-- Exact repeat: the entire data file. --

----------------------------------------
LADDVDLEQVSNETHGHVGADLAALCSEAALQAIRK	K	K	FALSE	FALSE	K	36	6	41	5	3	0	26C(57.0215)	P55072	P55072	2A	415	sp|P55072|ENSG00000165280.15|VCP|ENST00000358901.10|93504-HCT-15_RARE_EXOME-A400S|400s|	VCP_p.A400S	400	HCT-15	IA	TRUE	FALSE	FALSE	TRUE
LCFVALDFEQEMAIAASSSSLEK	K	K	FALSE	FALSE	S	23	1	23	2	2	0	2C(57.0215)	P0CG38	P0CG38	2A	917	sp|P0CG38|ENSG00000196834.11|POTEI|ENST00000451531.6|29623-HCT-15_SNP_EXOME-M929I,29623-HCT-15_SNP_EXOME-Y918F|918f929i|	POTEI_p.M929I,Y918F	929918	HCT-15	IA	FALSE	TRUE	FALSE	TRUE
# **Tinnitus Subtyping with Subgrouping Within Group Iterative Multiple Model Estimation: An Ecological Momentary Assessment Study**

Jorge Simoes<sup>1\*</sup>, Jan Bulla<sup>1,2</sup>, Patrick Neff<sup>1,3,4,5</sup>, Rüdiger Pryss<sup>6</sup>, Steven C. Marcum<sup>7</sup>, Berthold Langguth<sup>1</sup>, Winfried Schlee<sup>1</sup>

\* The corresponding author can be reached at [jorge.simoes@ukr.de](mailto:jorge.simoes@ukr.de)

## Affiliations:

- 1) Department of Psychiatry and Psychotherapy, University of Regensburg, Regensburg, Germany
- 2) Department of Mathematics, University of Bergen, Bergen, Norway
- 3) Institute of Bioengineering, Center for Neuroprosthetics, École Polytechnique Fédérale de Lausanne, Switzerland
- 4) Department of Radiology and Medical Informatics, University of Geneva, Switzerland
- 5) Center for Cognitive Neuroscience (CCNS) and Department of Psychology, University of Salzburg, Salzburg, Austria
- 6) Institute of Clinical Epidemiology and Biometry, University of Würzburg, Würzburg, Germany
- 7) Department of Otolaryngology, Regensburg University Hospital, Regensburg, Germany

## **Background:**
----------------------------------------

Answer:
LADDVDLEQVSNETHGHVGADLAALCSEAALQAIRK	K	K	FALSE	FALSE	K	36	6	41	5	3	0	26C(57.0215)	P55072	P55072	2A	415	sp|P55072|ENSG00000165280.15|VCP|ENST00000358901.10|93504-HCT-15_RARE_EXOME-A400S|400s|	VCP_p.A400S	400	HCT-15	IA	TRUE	FALSE	FALSE	TRUE
LCFVALDFEQEMAIAASSSSLEK	K	K	FALSE	FALSE	S	23	1	23	2	2	0	2C(57.0215)	P0CG38	P0CG38	2A	917	sp|P0CG38|ENSG00000196834.11|POTEI|ENST00000451531.6|29623-HCT-15_SNP_EXOME-M929I,29623-HCT-15_SNP_EXOME-Y918F|918f929i|	POTEI_p.M929I,Y918F	929918	HCT-15	IA	FALSE	TRUE	FALSE	TRUE
# **Tinnitus Subtyping with Subgrouping Within Group Iterative Multiple Model Estimation: An Ecological Momentary Assessment Study**

Jorge Simoes<sup>1\*</sup>, Jan Bulla<sup>1,2</sup>, Patrick Neff<sup>1,3,4,5</sup>, Rüdiger Pryss<sup>6</sup>, Steven C. Marcum<sup>7</sup>, Berthold Langguth<sup>1</sup>, Winfried Schlee<sup>1</sup>

\* The corresponding author can be reached at [jorge.simoes@ukr.de](mailto:jorge.simoes@ukr.de)

## Affiliations:

- 1) Department of Psychiatry and Psychotherapy, University of Regensburg, Regensburg, Germany
- 2) Department of Mathematics, University of Bergen, Bergen, Norway
- 3) Institute of Bioengineering, Center for Neuroprosthetics, École Polytechnique Fédérale de Lausanne, Switzerland
- 4) Department of Radiology and Medical Informatics, University of Geneva, Switzerland
- 5) Center for Cognitive Neuroscience (CCNS) and Department of Psychology, University of Salzburg, Salzburg, Austria
- 6) Institute of Clinical Epidemiology and Biometry, University of Würzburg, Würzburg, Germany
- 7) Department of Otolaryngology, Regensburg University Hospital, Regensburg, Germany

## **Background:**